Plans are in place that could see South Africa becoming a significant player in the farming and export of saffron. For the South African economy, this offers an invaluable source of foreign income from exports, whilst also assisting in establishing emerging, small-scale farmers. Furthermore, it offers commercial farmers an alternative source of income through diversification, especially considering ever-changing weather patterns, market trends, and other variables that impact on their existing operations.
Bennie Engelbrecht, founder and a director of Saffricon, says that their saffron farming operation between Calvinia and Williston in the Northern Cape has been perfecting the art of cultivating saffron in local conditions for the last few years, and that they have reached the next stage of opening up the opportunity to other prospective farmers.
This will be accomplished through an outgrower/contract grower system based on three-year contracts with farmers. “We supply the farmers with our saffron corms (bulbs), which they then plant and cultivate before harvesting the saffron threads (made up of the crimson-coloured stigmas and styles) and selling the annual crop back to us. Under favourable conditions, the corms multiply underground – on average, about three times per year. The corms are sold back to Saffricon after year three, hence farmers’ take-up is guaranteed, and they have a double-income potential: from the annual saffron harvest, as well as from the multiplied corms.”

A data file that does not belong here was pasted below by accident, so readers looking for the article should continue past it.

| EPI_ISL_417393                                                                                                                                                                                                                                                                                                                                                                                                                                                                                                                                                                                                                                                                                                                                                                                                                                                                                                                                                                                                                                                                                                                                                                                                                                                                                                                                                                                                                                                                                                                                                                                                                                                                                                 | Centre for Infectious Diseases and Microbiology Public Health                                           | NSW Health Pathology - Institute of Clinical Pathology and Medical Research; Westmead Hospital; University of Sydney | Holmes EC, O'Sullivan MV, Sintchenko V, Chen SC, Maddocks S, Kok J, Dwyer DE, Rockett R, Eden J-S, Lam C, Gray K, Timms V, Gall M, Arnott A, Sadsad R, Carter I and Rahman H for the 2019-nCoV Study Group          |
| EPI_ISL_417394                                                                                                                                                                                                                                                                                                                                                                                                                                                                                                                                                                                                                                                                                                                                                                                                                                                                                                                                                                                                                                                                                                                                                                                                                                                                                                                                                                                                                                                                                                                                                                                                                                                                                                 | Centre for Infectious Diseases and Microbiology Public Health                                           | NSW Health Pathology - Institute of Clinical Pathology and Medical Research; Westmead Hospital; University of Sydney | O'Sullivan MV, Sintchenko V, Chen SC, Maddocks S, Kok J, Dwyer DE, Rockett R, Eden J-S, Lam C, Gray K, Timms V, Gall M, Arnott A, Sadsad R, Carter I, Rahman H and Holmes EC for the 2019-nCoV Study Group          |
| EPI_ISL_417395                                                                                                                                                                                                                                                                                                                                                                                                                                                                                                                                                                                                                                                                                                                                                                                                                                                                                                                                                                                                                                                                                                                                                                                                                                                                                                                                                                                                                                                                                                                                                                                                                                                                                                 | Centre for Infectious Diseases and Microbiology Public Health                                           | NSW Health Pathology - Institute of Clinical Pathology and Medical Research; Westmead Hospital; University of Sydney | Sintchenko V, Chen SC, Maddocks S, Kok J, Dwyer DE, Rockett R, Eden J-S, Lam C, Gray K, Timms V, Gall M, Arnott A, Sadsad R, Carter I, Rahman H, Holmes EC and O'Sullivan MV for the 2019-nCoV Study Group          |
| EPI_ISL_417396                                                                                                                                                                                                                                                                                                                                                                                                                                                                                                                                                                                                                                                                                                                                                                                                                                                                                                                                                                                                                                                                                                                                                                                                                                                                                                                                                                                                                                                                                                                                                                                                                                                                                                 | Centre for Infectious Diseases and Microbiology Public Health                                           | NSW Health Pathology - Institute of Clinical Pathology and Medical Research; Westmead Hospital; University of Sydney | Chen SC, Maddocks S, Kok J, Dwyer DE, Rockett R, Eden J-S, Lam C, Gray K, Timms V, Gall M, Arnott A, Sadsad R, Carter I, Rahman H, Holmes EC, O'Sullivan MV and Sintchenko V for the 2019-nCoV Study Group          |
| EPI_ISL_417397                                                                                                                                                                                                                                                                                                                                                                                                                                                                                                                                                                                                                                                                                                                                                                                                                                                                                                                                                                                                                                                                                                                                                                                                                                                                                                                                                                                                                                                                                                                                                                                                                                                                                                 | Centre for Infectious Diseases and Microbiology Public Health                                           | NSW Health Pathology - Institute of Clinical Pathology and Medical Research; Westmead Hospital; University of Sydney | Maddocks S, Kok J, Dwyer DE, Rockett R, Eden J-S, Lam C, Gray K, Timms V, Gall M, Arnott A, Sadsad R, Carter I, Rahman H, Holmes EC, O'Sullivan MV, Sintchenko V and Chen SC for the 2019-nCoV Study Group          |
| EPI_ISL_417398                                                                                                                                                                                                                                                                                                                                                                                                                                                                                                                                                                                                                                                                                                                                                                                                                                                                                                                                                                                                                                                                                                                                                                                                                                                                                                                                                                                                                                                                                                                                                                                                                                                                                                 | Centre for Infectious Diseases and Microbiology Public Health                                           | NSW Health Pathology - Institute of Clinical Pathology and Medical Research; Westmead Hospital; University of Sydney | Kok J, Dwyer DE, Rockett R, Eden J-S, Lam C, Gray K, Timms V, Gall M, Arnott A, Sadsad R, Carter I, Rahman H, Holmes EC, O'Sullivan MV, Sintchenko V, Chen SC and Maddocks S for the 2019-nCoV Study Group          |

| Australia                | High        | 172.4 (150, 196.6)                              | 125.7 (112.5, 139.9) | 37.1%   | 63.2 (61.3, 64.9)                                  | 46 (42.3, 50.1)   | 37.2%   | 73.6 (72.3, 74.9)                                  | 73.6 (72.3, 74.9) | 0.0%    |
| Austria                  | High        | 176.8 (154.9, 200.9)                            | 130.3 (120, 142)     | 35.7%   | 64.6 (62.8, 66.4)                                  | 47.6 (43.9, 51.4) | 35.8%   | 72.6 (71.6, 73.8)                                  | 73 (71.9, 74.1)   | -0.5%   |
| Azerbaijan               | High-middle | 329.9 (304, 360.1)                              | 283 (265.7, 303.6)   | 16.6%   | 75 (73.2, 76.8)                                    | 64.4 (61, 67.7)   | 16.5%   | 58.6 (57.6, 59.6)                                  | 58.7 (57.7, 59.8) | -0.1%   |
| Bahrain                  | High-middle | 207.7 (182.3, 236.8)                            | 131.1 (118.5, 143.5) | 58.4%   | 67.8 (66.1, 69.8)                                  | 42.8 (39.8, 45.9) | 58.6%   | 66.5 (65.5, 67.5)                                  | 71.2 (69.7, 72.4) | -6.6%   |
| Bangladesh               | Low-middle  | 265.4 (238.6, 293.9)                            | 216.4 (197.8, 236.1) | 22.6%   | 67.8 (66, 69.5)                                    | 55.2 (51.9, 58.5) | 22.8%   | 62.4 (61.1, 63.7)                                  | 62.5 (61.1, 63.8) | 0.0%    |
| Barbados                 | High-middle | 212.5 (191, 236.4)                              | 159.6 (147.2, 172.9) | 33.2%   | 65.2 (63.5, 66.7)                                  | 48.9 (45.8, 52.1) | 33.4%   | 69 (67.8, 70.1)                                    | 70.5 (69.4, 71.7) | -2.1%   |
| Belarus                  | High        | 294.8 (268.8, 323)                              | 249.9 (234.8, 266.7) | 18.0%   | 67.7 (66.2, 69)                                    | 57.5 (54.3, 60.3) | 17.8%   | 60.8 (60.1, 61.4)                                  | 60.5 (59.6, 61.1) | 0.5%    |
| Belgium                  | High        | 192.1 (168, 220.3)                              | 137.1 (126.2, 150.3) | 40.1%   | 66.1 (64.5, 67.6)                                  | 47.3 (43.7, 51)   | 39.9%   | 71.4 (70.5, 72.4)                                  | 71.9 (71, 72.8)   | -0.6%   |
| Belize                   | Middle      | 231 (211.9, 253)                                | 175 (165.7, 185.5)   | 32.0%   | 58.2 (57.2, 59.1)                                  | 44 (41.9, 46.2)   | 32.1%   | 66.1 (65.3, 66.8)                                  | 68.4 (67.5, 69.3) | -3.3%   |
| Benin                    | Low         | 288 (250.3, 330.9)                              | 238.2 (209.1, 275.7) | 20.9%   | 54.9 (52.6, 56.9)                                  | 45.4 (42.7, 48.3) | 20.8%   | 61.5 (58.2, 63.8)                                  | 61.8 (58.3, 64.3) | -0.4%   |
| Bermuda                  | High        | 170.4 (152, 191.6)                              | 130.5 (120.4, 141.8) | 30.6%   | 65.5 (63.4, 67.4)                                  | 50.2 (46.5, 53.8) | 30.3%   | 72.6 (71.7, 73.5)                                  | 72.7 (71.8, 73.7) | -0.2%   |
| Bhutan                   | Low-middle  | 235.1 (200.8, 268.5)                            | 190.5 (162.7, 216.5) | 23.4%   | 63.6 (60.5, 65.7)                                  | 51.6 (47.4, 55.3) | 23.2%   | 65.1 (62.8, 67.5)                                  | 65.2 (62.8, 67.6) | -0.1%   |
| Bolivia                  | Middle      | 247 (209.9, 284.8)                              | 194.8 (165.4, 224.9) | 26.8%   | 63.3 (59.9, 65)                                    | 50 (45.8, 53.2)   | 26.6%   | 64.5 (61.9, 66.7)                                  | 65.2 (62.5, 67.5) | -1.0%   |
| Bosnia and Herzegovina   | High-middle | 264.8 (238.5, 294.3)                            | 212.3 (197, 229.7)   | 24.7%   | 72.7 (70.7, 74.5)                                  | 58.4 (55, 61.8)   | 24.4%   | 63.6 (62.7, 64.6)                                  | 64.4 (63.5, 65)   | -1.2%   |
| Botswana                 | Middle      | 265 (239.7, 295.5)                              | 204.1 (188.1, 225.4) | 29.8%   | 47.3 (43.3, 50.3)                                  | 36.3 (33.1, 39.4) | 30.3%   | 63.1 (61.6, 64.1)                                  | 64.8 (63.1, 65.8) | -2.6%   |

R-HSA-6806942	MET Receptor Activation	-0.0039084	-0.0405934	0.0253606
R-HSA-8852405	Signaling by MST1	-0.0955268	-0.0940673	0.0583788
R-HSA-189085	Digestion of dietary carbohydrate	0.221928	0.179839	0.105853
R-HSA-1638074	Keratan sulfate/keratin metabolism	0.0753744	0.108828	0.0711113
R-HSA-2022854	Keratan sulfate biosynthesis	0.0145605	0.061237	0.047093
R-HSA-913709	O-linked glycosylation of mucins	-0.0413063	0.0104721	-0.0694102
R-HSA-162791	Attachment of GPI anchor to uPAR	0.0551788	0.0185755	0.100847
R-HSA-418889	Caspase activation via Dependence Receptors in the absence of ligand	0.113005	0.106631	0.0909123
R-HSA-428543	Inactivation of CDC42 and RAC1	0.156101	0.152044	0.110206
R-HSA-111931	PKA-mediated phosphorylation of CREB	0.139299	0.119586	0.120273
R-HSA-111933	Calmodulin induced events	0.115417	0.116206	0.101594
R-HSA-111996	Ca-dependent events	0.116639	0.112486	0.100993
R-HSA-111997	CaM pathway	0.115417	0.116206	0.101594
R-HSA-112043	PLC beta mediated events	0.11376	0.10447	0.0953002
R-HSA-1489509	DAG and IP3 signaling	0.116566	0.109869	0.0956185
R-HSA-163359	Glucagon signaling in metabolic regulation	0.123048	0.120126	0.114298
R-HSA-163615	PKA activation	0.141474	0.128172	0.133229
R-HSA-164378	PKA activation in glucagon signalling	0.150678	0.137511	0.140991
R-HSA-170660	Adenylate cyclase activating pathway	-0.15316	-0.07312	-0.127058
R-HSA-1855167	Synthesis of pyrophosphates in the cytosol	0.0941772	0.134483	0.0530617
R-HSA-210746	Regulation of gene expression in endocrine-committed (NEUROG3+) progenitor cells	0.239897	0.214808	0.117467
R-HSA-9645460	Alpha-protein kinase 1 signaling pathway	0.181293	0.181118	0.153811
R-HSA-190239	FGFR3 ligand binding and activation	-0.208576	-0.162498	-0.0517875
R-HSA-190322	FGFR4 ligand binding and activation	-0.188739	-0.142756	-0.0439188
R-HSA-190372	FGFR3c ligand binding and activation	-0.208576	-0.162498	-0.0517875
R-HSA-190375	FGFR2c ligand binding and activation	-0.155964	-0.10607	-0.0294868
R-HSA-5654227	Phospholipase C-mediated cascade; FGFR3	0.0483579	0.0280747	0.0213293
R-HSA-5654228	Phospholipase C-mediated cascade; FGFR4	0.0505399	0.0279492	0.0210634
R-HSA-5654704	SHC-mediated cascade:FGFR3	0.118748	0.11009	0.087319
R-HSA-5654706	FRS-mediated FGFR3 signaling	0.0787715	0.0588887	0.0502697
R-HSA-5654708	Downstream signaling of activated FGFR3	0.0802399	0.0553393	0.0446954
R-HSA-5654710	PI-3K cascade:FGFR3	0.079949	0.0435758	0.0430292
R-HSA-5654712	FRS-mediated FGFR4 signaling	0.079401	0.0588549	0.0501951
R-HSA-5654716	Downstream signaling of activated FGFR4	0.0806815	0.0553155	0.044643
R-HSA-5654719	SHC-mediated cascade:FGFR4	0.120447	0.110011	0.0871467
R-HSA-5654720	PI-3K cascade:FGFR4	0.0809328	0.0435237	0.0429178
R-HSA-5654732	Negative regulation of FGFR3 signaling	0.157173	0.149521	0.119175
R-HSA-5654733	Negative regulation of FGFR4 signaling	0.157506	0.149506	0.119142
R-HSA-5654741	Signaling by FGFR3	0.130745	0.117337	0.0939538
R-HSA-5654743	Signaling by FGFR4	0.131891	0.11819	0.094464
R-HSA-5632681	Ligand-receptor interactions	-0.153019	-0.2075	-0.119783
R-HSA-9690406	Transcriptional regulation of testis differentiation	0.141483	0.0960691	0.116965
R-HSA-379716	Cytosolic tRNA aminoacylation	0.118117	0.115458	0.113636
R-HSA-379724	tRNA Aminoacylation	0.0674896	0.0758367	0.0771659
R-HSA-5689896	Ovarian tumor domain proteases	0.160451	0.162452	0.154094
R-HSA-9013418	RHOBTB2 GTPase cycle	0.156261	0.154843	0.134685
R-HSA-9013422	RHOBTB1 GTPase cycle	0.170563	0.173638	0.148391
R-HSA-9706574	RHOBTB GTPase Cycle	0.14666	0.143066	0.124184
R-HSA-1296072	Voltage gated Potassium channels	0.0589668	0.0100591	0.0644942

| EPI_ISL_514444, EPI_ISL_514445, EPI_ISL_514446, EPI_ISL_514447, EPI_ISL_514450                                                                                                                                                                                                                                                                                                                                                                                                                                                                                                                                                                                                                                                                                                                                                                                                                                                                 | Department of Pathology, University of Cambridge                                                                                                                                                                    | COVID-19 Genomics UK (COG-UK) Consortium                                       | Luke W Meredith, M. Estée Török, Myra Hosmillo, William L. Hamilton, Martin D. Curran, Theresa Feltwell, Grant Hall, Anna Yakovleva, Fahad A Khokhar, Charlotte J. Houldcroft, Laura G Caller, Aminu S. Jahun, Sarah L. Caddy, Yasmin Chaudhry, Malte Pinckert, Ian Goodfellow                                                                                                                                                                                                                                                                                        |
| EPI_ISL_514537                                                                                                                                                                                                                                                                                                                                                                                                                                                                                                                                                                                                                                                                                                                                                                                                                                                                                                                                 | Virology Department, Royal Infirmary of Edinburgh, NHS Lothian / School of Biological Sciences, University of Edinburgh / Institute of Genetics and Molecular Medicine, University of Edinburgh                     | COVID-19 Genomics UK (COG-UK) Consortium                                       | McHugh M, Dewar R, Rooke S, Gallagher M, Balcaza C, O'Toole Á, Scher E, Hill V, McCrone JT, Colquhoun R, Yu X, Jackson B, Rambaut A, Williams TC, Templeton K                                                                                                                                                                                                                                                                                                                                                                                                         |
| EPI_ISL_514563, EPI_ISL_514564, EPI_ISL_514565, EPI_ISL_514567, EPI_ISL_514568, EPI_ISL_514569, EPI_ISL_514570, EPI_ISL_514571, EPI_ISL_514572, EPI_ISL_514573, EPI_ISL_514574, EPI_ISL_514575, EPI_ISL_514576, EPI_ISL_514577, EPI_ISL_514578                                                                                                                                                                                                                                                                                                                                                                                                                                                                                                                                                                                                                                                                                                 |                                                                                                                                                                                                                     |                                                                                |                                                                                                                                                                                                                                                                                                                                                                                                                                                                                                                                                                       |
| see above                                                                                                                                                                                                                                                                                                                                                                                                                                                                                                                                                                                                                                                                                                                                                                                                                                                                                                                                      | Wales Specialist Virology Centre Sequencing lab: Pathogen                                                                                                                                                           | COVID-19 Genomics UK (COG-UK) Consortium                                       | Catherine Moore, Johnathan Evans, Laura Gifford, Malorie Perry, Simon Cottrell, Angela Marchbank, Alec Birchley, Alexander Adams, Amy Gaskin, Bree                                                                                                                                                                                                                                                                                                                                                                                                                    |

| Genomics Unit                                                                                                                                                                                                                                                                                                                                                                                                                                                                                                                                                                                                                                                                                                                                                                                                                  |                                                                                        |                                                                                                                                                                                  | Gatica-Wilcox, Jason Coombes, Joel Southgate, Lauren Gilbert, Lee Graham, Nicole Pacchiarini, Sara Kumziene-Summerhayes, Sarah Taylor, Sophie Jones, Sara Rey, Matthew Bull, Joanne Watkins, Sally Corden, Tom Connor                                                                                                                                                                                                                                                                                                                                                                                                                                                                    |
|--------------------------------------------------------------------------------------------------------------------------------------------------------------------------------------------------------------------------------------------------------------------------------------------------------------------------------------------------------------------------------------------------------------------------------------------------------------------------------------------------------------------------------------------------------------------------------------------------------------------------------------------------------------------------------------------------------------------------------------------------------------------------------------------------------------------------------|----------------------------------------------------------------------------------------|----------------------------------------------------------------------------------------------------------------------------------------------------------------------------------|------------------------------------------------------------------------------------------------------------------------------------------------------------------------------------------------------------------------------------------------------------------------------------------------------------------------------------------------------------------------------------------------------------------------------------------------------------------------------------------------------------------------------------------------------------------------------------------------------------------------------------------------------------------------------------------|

"Saffricon has started marketing the outgrower system to prospective saffron farmers and expect to have built sufficient corm stock by next year to start gaining momentum."
Opportunity for developing small-scale emerging farmers – Laeveld Agrochem
Corné Liebenberg, the marketing director of Laeveld Agrochem (LAC), says, as a partner of Saffricon, they foresee a huge potential for saffron farming in South Africa. He believes it offers an ideal opportunity – not only for existing commercial farmers, but also for the development of small-scale emerging farmers – and, as such, will assist in addressing the country’s high unemployment.
“It is ideal for niche farming – a huge growth area for the South African economy and something that LAC is very passionate about. The initial capital outlay is manageable, relatively little space is required (250m² can accommodate 15 000 corms), and Saffricon will assist with training to bring new farmers up to speed,” says Liebenberg.
The farming of saffron is also ideally suited to the South African climate – which, in the last few years, has gone through a harsh drought – as it requires much less water compared to many of the large traditional crops in South Africa,” adds Liebenberg.
In South Africa, saffron retails for as much as R250/g (or R250 000/kg). The hefty price tag is attributed to the labour-intensive harvesting methods followed – from picking the flowers to removing the threads – which is all done by hand.